The Irresistible Blueberry Farm, the movie based on my first novel, The Irresistible Blueberry Bakeshop & Café premiered October 2, 2016 on the Hallmark Movies & Mysteries Channel. The movie stars Alison Sweeney (who is also one of the executive producers), Shirley Jones, Marc Blucas, and Kavan Smith. It will air four more times on the Hallmark M&M Channel. To see more information about the movie, please click here.
The Irresistible Blueberry Farm, a movie based on my first novel, The Irresistible Blueberry Bakeshop & Café, will air Sunday, October 2 on the Hallmark Movies & Mysteries Channel. Alison Sweeney, Carolyn Jones, Mark Blucas, and Kavan Smith star. The movie will also be shown on Tuesday, October 4 at 7:00 p.m.; Thursday, October 6 at 2:00 p.m.; Monday, October 17 at 5:00 p.m.; and Wednesday, October 19 at 8:00 p.m. Click here for a preview: The Irresistible Blueberry Farm Preview
This is the story of the incredible two days I spent this week on the set of The Irresistible Blueberry Farm, the Hallmark Chanel movie based on my first novel, The Irresistible Blueberry Bakeshop & Café. The movie will be aired October 2, 2016 on the Hallmark Movies and Mysteries Channel. On Monday morning, one of the drivers took me from my hotel in Vancouver, Canada to the first filming location of the day. I arrived at this pretty yellow house in the town of Brackendale. In the movie, this is the house in Beacon, Maine, where Ruth, grandmother of the main character, Ellen, grew up.
I went inside and got to meet the incredibly talented Alison Sweeney, who is fantastic as Ellen and who is also one of the executive producers of the movie. Alie and I had talked by phone and had emailed, but this was our first meeting. She had read my novel, loved it, and wanted to turn it into a movie for Hallmark, so this whole project came about because of her. (Thank you, Alie!) Here we are, both wearing the appropriate color! I also began to meet some of the other members of the cast and crew, a group of very talented and dedicated people.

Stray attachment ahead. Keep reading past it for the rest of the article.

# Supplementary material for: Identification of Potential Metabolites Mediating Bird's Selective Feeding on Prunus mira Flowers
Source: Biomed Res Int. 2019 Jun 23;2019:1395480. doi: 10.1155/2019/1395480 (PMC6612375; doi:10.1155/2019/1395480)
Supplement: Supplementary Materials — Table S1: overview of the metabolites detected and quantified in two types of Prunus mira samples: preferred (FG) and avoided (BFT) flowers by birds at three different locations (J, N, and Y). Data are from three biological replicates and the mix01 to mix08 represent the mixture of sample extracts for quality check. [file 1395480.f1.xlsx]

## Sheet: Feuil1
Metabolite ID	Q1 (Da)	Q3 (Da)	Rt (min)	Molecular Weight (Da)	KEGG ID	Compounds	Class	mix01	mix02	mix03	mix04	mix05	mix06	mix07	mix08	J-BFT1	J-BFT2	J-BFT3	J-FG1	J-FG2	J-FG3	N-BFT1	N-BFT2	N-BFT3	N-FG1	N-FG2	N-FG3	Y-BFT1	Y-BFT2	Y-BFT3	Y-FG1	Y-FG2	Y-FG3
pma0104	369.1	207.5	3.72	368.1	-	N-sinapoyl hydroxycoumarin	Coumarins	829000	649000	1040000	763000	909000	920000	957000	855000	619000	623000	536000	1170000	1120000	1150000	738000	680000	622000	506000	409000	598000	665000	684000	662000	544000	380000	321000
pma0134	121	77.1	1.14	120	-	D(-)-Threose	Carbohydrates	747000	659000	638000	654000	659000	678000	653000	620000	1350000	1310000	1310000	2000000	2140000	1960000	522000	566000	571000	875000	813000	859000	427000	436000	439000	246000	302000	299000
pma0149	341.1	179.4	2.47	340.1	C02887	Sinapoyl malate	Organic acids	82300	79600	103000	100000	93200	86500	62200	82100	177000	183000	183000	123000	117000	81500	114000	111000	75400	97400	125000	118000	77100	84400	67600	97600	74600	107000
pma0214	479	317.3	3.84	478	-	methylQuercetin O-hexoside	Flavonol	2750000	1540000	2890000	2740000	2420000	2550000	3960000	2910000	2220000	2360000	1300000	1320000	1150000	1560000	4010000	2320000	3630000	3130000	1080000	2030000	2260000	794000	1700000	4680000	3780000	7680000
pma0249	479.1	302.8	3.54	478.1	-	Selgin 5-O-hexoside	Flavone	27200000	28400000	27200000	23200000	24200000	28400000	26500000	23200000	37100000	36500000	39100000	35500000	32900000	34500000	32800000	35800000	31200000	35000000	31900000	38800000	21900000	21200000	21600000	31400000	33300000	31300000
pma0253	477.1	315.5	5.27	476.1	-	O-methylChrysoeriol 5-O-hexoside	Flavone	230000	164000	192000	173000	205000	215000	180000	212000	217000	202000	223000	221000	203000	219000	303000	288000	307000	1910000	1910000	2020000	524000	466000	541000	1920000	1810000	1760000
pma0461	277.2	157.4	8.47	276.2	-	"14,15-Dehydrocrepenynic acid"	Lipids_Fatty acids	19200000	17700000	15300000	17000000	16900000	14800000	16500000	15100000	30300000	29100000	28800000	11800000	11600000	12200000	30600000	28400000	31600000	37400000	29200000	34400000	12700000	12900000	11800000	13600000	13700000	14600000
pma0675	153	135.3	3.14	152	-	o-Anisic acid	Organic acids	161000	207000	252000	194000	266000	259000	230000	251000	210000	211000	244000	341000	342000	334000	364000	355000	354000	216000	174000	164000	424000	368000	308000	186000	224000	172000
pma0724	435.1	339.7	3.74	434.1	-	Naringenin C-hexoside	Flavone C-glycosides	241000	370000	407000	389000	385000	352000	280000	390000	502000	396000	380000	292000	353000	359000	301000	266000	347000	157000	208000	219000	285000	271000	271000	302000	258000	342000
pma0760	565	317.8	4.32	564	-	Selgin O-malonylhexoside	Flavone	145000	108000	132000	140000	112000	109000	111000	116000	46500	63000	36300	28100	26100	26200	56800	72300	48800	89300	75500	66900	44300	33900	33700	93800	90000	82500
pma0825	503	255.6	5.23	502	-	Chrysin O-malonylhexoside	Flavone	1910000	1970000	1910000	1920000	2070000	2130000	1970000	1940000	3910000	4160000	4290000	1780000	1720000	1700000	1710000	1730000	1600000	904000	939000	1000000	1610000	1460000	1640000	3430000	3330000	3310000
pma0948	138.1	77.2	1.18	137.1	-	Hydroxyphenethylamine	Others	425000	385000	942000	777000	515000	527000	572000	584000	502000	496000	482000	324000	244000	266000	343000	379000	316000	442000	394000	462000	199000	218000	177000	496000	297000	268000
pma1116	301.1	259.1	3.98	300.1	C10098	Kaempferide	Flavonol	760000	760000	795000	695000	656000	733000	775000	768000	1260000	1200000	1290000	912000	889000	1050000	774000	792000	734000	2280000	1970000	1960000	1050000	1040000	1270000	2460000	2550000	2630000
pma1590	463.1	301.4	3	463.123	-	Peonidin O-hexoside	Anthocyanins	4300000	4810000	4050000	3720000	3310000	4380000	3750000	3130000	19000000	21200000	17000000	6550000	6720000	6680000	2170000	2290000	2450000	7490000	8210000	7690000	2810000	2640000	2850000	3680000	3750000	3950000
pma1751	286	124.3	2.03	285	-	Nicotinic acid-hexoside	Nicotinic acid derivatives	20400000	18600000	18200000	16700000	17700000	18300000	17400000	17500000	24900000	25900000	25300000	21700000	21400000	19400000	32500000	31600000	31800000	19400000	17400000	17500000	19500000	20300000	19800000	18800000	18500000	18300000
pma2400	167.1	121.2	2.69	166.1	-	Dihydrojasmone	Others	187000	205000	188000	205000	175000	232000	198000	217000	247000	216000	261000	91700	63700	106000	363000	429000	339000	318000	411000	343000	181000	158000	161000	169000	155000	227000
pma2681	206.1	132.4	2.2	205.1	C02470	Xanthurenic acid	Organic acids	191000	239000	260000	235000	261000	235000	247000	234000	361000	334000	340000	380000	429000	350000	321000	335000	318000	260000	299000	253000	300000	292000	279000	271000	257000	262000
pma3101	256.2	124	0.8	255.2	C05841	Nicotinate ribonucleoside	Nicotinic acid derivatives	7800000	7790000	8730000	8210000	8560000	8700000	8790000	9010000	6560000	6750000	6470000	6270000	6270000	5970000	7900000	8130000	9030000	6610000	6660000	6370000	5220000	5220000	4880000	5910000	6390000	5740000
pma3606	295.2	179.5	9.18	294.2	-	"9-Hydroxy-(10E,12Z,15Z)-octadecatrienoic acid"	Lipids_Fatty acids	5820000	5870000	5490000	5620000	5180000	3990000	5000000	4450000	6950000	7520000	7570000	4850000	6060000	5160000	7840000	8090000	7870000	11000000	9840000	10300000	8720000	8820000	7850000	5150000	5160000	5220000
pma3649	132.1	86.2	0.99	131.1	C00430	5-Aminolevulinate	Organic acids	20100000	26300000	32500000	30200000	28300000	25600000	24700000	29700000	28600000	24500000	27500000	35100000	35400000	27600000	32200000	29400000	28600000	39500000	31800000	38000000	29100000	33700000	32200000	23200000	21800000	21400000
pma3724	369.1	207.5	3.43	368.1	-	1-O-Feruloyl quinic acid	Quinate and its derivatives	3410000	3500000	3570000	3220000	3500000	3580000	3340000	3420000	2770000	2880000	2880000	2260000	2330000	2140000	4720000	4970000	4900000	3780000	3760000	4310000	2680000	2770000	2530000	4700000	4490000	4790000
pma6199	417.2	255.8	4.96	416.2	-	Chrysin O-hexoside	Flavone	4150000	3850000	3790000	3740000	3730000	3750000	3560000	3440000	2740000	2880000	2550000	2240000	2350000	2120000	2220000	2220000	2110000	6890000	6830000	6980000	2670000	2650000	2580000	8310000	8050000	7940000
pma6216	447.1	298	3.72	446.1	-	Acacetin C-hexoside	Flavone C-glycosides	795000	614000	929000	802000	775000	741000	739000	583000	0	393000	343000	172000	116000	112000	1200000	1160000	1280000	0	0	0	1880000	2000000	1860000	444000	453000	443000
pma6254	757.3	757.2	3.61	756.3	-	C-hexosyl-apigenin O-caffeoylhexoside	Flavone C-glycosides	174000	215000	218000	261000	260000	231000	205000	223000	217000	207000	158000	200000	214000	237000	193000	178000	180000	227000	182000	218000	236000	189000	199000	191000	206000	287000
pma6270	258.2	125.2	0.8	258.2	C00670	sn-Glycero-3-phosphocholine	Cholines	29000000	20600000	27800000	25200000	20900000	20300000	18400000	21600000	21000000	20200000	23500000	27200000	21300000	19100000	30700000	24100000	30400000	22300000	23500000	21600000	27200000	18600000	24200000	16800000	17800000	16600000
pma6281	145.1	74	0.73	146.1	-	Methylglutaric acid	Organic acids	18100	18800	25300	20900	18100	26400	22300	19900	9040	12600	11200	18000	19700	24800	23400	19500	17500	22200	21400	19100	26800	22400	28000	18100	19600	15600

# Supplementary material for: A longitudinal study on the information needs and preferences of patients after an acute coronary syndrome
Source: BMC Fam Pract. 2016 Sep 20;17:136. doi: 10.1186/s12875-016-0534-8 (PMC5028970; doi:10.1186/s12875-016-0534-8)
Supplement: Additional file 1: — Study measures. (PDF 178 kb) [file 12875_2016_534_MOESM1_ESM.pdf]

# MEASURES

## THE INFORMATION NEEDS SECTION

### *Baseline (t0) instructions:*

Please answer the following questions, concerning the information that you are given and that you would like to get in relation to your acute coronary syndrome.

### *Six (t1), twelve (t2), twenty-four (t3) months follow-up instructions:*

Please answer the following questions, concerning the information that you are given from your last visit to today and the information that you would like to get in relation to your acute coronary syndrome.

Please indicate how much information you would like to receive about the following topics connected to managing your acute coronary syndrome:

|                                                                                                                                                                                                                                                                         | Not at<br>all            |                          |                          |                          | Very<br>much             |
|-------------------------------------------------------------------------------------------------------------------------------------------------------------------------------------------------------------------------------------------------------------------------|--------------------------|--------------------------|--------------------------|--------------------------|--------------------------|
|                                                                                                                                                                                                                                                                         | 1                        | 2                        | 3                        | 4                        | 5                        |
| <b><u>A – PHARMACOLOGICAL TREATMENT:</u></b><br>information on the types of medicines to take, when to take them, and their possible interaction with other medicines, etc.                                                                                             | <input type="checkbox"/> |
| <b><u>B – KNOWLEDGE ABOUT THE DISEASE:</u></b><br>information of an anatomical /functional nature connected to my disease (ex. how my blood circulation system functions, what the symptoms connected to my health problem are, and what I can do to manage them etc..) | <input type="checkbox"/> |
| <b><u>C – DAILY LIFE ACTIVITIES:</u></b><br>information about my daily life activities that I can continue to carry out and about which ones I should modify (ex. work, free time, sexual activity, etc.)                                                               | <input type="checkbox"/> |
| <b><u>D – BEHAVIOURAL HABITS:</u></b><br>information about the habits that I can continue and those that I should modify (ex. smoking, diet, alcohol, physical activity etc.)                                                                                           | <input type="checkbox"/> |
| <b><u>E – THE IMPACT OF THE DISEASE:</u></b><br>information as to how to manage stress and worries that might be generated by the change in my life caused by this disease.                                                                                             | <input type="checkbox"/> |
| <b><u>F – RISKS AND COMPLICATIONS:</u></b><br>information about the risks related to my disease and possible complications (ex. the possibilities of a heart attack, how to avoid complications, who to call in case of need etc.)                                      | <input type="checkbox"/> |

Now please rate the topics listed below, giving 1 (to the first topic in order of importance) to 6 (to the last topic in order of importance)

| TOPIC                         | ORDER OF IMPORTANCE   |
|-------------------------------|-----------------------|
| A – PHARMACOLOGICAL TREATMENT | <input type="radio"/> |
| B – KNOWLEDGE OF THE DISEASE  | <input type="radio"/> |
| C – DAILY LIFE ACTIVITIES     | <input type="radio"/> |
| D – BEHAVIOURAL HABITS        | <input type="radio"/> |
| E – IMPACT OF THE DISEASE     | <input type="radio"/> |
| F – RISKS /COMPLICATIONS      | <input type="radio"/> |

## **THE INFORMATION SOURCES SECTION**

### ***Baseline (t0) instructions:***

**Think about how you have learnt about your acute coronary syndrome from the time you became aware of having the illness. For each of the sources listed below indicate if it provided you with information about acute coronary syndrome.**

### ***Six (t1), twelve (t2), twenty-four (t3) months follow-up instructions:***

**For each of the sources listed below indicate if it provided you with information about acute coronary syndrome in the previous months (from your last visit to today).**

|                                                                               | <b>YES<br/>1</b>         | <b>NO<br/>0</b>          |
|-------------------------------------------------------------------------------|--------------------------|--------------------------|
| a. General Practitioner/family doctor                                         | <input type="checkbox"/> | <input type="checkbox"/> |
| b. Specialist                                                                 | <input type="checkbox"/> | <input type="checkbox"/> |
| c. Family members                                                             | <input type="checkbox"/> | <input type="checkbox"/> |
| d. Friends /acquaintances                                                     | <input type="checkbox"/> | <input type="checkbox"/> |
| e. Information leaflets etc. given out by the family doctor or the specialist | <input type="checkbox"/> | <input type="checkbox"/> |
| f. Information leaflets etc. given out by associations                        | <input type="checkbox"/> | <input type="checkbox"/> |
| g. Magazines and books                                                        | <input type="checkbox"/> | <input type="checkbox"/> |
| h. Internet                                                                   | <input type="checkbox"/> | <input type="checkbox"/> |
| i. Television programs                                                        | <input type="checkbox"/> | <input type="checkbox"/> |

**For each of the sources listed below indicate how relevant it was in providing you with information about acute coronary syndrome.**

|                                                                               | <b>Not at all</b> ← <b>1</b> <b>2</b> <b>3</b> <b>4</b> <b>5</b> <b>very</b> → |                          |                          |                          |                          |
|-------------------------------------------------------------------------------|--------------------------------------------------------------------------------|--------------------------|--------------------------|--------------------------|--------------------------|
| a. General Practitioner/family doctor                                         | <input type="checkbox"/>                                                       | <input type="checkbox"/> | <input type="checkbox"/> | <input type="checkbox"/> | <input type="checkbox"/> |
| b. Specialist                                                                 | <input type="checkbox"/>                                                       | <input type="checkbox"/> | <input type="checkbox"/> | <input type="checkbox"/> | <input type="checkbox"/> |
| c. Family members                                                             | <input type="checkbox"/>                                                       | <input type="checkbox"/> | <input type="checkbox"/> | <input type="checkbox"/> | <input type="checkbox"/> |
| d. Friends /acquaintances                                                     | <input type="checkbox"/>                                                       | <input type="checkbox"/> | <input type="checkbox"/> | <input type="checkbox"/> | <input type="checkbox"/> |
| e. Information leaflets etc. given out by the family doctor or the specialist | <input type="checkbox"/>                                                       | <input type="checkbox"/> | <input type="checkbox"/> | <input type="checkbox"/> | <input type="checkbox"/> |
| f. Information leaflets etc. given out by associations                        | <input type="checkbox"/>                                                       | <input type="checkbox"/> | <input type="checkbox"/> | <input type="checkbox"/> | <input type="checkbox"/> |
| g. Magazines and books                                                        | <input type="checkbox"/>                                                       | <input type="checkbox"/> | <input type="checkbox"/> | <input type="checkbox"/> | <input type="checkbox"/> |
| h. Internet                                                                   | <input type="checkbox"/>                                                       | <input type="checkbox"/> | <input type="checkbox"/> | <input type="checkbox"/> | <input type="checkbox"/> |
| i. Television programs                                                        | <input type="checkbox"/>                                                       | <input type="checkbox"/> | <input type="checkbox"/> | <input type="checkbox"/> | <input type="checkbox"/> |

Filming was being done in the attic of the house when I got there, so at the first break in the action I went upstairs to watch. In this photo, Lisa Durupt, who plays the current homeowner, Susan Porter, is holding the “Porter” baby, a gorgeous little girl. Shirley Jones, who I’ve admired my whole life, is in the far right corner. She plays Ruth. (Yes, I know Ruth isn’t alive . . . you’ll just have to see the movie!). And in between are lots of important folks doing very important things to make the movie.
Cast and crew broke for lunch and I got my first look at the “circus,” the area where most of trailers were parked. A few trailers went to the actual shooting locations and the rest stayed behind, although close by, because of the need for abundant parking space.
After lunch Ali and I visited Wayne Russell, who styled her hair.
We then went to the second location of the day, the place that was used as The Victory Inn, the rustic little B&B where Ellen stayed while she was in Maine. Several trailers, all full of equipment, were brought there.